“It was a total experiment,” said Marcos Chin of his sculpture. “I used chicken wire for the base/skeletal structure, then built on top of it using “Amaco” papier- mâché, plaster, clay, and liquid glass… I really didn’t know what I was doing. The puffy pieces were drawings that I silkscreened onto cotton jersey fabric that I cut and sewed and filled with batting/stuffing that I bought at Mood Fabrics in midtown west.”
“I tried doing a color litho version with six different hues,” George Towne told me, “but it came out muddy. Still, seeing the color version in person helped me appreciate what was right about the original.” -George then shared his experience of watching Marcos Chin in the printmaking studio, where Marcos was “prolific” and present every day.
These testimonial statements popped up at the opening of Condition X, a group exhibition featuring past participants in SVA’s Summer Residency Program, curated by Keren Moscovitch, the program coordinator, with help from curator and Summer Residency faculty member David Gibson.
What these artists said reflects the hands-on rigor of SVA’s summer residency programs. Depending on the program they choose, artists get exclusive, private studio space in Chelsea, fully equipped traditional workshops and digital labs, and all of the great humming, buzzing, and blinking machines to complete our bionic, android, art generating potential. They also get the great humming, buzzing, and blinking people that convert artists into ARTISTS: critics, teachers, curators, gallerists, and full-time artists visit the residency studios.
Thus, happily sharing the gallery are well-versed works derived from many generations of making art. From the software era, we see splendid archival pigment prints, such as Tomer Exterman’s unfliching geri-glam Bathers photos (“bold and endearing representation of the convergence of culture and individualism,” sayeth press release) and Annette Isham’s video of a reflexive reconciliation, Friends First, 2011. Reviving 19th century handcraft are Iviva Olenick’s wistful embroidered fabrics (like “an old-world ‘blog'”). And optimistically arranging a marriage between the dexterously drawn and digitally augmented, are Jonathan Reid Sevigny’s pencil fantasias with RGB/CMYK treatment – in hand painted frames (“rife with historical and artistic allusion”).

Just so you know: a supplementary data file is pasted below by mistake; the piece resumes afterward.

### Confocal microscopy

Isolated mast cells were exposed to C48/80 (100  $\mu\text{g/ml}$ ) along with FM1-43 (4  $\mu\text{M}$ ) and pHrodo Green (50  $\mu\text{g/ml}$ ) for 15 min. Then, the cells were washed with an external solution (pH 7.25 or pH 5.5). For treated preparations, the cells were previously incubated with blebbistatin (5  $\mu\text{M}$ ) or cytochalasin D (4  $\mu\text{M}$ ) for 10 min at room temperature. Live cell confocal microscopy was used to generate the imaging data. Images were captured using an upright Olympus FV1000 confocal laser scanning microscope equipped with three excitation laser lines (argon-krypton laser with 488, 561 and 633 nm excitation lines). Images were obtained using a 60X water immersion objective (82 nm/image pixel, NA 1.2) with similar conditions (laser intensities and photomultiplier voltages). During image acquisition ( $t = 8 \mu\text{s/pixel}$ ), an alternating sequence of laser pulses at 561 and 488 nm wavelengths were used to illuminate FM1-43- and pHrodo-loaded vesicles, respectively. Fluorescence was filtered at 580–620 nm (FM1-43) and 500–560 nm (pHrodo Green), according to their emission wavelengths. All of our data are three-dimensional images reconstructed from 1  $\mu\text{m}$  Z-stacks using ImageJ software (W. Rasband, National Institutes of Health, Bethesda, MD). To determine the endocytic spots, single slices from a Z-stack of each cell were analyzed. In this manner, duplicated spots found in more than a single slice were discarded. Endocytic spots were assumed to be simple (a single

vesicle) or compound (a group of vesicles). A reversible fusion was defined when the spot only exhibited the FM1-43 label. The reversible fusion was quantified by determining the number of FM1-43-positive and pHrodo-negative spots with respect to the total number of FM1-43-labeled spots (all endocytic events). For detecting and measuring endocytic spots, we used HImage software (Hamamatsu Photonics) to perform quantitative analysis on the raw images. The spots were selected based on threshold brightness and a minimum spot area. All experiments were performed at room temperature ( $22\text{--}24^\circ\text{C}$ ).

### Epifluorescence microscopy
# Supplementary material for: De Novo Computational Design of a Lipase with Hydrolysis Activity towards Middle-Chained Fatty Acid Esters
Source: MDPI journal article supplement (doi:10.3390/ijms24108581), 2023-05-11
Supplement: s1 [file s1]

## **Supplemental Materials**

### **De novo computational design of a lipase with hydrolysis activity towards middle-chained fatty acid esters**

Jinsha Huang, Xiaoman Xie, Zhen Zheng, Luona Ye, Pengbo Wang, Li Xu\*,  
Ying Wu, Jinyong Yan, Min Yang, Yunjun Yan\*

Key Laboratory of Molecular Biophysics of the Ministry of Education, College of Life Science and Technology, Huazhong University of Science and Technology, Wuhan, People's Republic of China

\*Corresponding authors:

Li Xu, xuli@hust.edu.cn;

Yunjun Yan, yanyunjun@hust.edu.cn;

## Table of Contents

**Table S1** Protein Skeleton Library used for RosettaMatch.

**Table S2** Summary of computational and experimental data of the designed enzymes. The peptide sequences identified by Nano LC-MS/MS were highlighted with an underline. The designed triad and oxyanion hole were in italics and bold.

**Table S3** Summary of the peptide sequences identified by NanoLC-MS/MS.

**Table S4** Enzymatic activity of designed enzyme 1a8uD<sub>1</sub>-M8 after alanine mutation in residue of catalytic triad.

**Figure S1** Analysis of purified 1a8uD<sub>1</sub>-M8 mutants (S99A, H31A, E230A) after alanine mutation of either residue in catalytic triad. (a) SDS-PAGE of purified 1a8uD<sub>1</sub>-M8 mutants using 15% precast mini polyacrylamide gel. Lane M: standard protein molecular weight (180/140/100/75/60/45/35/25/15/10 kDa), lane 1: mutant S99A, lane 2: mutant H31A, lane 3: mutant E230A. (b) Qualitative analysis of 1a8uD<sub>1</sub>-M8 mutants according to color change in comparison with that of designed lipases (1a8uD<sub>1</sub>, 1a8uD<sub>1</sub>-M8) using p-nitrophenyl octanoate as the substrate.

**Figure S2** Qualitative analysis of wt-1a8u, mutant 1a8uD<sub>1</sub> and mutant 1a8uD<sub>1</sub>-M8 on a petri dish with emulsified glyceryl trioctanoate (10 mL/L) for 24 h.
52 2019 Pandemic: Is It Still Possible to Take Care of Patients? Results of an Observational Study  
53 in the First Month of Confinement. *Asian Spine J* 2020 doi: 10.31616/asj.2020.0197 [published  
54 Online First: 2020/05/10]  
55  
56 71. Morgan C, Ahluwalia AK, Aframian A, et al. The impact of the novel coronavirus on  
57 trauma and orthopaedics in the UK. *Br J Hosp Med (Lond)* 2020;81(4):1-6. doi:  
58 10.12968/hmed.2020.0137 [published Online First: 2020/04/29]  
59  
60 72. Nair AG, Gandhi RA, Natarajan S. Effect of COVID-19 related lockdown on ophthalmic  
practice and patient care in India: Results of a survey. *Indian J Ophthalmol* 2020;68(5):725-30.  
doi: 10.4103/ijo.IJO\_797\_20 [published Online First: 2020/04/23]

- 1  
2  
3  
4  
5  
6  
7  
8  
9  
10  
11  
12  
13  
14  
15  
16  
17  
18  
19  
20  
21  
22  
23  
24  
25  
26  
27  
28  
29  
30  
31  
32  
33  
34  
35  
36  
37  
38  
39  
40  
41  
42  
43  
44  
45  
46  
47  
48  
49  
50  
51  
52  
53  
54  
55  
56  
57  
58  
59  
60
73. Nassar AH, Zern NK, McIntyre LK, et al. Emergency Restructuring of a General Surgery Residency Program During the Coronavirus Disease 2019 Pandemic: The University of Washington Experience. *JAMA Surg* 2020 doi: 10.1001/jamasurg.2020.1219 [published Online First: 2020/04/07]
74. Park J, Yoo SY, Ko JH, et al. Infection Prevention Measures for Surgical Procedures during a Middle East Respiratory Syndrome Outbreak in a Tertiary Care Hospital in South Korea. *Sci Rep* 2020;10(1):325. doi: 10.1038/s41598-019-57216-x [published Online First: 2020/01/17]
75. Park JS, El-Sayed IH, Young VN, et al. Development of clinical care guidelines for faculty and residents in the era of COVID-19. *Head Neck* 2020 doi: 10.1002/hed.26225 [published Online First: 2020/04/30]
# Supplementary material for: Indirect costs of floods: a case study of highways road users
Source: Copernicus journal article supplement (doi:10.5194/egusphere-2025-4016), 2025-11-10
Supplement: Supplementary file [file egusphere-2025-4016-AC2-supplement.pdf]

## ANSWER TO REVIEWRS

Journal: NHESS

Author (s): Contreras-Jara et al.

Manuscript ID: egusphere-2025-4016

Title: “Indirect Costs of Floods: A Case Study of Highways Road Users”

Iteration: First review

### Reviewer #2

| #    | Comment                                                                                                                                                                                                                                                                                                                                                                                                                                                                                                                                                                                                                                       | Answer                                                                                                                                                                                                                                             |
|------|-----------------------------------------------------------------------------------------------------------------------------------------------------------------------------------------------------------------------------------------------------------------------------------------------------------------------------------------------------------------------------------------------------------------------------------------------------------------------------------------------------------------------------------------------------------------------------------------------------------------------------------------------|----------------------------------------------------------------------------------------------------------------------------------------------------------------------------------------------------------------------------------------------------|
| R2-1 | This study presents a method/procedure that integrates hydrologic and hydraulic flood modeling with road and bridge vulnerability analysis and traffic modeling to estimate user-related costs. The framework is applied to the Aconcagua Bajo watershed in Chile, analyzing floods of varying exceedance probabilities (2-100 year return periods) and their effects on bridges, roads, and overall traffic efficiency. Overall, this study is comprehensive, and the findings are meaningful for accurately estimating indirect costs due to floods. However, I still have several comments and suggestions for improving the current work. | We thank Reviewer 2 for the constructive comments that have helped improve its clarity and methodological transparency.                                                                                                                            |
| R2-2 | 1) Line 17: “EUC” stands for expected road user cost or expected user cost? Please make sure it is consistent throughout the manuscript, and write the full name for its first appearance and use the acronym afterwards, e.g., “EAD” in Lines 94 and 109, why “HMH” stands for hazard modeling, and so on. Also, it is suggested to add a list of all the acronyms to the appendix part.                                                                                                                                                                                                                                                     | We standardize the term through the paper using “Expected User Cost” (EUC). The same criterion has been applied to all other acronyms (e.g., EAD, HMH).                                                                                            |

While the residency programs are sufficiently endowed for artists to consider them “destinations,” a little research shows that they are momentous launch pads, too. As a 2005 resident, Grayson Cox gained a following and a focus, and soon scored admission to Columbia’s prestigious MFA program, a solo show at Gasser & Grunert Gallery’s new space in Chelsea, and a review in Art in America. Jonathan Reid Sevigny had a solo show last December at Envoy Gallery in the LES. For other artists, the residency offers the means to refuel their careers. Before doing the residency, SVA alum George Towne had already finished his MFA, acquired teaching experience, and garnered press for his wrenching portraiture. Following the residency, he had a solo show at Michael Mut Gallery, his first solo show in NYC since 2002. Marcos Chin, Iviva Olenick, and Jeremy Olson (I’m listing from the top of my head) are among the other artists whose residency experiences were part of larger, expansive professional growth. So you don’t have to become a performance artist just because studios are too expensive. 🙂
Condition X is at SVA’s Westside Gallery, 133-141 West 21st Street, until August 20.